Many people may argue that the true intention of the Royal Proclamation was to dispossess the Native peoples, but in a manner that did not cause a stir.[9] This is true because in the long run, colonial settlements ended up pushing the Native peoples to the periphery. As settlements increased, the Native peoples started living predominantly in the southernmost areas of Lower and Upper Canada (now Québec and Ontario). Many of the Natives who had chosen to remain in Québec and Ontario had retreated towards the north in order to stay away from the encroaching settlement. Those who had chosen to remain were increasingly being isolated on land reserves. In some areas, natives were being “given” land that mainly took the form of local reserves that were not surveyed.[10] These “gifts” did not solve their land problems because white settlers would often choose to squat at will.

Over time, territorial boundaries started taking an institutionalized form. This led to the hardening of racial and cultural boundaries across Canada. Moreover, white men had started intermarrying with Native women particularly during the fur trade. However, the intermarriages became less common during the early 19th century following the institutionalization of the migration of white women as wives.[11] As settlement increased, the native peoples started being confined in an increasingly restricted role. This continued marginalization of the native peoples continues even in the present day. In their land claims today, the Native peoples often point out to the Royal Proclamation as a legal document that defines all the lands that rightfully belonged to them but have since been taken away by encroaching white settlers.

Conclusion

            The Royal Proclamation was part of a shrewd attempt by British colonists to escape the “trap” that had been set for them by the defeated French Canadians. In this trap, the French Canadians had played the British colonists against the Native peoples by creating the impression that they were senseless land grabbers who did not respect the Native peoples’ cultural heritage and land rights. Under such circumstances, Crown officials had to look for a way of appeasing the Native peoples, much to the chagrin of the French Canadians.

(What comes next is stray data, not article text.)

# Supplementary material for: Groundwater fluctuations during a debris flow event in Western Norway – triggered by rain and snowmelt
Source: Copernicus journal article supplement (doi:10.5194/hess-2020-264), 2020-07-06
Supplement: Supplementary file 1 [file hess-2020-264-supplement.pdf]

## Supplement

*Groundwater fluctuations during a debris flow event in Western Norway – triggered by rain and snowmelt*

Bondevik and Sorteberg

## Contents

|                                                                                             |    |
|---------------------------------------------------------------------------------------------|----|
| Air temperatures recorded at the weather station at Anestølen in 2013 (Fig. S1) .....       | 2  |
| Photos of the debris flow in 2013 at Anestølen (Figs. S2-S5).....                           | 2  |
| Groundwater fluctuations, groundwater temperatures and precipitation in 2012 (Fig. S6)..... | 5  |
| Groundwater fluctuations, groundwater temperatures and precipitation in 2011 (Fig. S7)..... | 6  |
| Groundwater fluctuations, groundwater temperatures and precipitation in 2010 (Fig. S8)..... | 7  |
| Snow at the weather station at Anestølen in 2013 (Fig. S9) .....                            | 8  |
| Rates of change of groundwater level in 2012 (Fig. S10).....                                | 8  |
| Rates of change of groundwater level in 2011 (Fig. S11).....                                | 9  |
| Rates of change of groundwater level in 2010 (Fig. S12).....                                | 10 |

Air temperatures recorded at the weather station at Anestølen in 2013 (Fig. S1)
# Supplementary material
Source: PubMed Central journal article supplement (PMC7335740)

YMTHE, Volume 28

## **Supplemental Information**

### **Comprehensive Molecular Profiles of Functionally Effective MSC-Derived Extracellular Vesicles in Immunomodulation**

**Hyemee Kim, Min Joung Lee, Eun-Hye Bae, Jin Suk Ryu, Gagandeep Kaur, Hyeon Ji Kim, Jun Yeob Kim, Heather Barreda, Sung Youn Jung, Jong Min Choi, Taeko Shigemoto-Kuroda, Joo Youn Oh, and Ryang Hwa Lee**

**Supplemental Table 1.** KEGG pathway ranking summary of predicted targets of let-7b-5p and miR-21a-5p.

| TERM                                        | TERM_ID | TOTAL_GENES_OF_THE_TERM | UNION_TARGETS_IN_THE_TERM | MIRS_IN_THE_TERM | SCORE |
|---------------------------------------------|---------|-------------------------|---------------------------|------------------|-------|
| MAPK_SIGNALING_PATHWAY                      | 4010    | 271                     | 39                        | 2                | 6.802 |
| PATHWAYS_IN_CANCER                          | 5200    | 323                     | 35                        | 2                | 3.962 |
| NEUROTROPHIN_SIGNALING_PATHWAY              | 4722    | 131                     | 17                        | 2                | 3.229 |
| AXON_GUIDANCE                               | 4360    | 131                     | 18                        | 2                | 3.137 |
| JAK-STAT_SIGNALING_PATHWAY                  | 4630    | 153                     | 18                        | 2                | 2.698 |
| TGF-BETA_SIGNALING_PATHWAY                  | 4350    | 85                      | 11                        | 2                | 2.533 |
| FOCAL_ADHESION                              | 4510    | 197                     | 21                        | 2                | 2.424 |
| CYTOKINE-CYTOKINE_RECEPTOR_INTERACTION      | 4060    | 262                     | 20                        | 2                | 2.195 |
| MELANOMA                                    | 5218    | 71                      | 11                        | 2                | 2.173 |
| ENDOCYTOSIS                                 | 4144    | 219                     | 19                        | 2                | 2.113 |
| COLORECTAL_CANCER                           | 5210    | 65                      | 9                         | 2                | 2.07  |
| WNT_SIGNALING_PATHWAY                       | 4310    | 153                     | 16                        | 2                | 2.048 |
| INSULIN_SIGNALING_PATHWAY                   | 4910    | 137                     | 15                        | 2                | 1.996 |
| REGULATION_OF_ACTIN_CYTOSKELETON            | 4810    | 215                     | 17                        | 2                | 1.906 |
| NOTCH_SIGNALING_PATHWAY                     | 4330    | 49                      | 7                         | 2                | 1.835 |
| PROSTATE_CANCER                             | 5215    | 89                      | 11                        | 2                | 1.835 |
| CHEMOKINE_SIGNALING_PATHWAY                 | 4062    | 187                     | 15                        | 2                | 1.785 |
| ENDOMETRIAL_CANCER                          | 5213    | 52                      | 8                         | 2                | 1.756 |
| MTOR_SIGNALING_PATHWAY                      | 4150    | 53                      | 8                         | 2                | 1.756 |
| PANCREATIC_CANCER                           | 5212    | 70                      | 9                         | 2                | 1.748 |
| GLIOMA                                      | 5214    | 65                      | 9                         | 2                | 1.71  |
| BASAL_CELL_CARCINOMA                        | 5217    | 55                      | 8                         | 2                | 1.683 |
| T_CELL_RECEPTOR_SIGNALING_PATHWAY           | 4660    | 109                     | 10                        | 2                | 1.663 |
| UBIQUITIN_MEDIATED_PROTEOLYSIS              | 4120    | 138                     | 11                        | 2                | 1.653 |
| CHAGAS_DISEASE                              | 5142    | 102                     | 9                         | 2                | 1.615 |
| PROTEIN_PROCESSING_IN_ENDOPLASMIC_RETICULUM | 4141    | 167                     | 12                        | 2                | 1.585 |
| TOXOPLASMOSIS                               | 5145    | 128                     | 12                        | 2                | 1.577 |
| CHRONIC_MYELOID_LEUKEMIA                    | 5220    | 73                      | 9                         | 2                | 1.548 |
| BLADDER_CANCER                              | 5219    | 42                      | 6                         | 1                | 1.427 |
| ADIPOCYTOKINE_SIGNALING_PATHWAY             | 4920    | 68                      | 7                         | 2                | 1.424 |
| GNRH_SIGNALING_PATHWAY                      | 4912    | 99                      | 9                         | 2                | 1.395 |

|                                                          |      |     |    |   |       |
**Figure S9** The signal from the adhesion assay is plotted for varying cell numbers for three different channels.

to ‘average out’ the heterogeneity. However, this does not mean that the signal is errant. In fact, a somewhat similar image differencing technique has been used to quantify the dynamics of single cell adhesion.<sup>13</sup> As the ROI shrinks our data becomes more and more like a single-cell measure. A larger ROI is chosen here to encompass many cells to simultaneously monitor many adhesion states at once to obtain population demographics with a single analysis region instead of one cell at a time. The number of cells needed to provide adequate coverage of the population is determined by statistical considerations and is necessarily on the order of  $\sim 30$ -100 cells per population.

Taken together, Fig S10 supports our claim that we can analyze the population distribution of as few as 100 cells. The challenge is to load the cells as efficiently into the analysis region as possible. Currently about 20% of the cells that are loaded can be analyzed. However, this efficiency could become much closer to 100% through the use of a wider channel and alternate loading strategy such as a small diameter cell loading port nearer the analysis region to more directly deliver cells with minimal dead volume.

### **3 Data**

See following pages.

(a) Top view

Other than acting as a crucial tool in the political machinations of the day, the Royal Proclamation charted a path towards better English-Canadian and French-Canadian relations. It created a framework for colonization through settlement rather than through resource exploitation. The Crown officials’ strategy of protecting the interests of British merchants and settlers paradoxically led to the improvement of circumstances for French Canadians. Failure by the Proclamation to spur settlements aimed at assimilating French Canadians created a scenario where the British colonial officials had to reach a compromise that culminated in the Québec Act of 1774. More importantly, the Proclamation legally recognized the land rights of the Aboriginal people. This demonstrates that the Royal Proclamation greatly increased chances of coexistence among the British and French colonists as well as the Native peoples of Canada.

References

Anderson, Fred. Crucible of War: The Seven Years’ War and the Fate of Empire in British North America, 1754-1766. London: Random House LLC, 2007.

Calloway, Colin. The scratch of a pen: 1763 and the transformation of North America. Oxford: Oxford University Press, 2006.

Johnson, Stanley. Emigration from the United Kingdom to North America, 1763-1912. New York: Routledge, 2013.

Miller, James. Skyscrapers Hide the Heavens: A History of Indian-white Relations in Canada. Toronto: University of Toronto Press, 2000.

Mackey, Eva. The House of Difference: Cultural Politics and National Identity in Canada. Toronto: University of Toronto Press, 2002.

Buckner, Phillip. Canada and the British Empire. Oxford: Oxford University Press, 2008.

Abele, Frances. & Prince, Michael. “Four Pathways to Aboriginal Self-Government in Canada.” American Review of Canadian Studies 36, no. 4 (2006): 568-595.

Browne, G. & Ajzenstat, Janet. Documents on the Confederation of British North America. Montreal: McGill-Queen’s University Press, 2009.


End Notes

[1] Anderson, Fred. Crucible of War: The Seven Years’ War and the Fate of Empire in British North America, 1754-1766. London: Random House LLC, 2007.

[2] Ibid.

[3] Calloway, Colin. The scratch of a pen: 1763 and the transformation of North America. Oxford: Oxford University Press, 2006.

[4] Browne, G. & Ajzenstat, Janet. Documents on the Confederation of British North America. Montreal: McGill-Queen’s University Press, 2009.

[5] Ibid.

[6] Abele, Frances. & Prince, Michael. “Four Pathways to Aboriginal Self-Government in Canada.” American Review of Canadian Studies 36, no. 4 (2006): 568-595.

[7] Ibid.

[8] Buckner, Phillip. Canada and the British Empire. Oxford: Oxford University Press, 2008.

[9] Miller, James. Skyscrapers Hide the Heavens: A History of Indian-white Relations in Canada. Toronto: University of Toronto Press, 2000.

[10] Mackey, Eva. The House of Difference: Cultural Politics and National Identity in Canada. Toronto: University of Toronto Press, 2002.

[11] Johnson, Stanley. Emigration from the United Kingdom to North America, 1763-1912. New York: Routledge, 2013.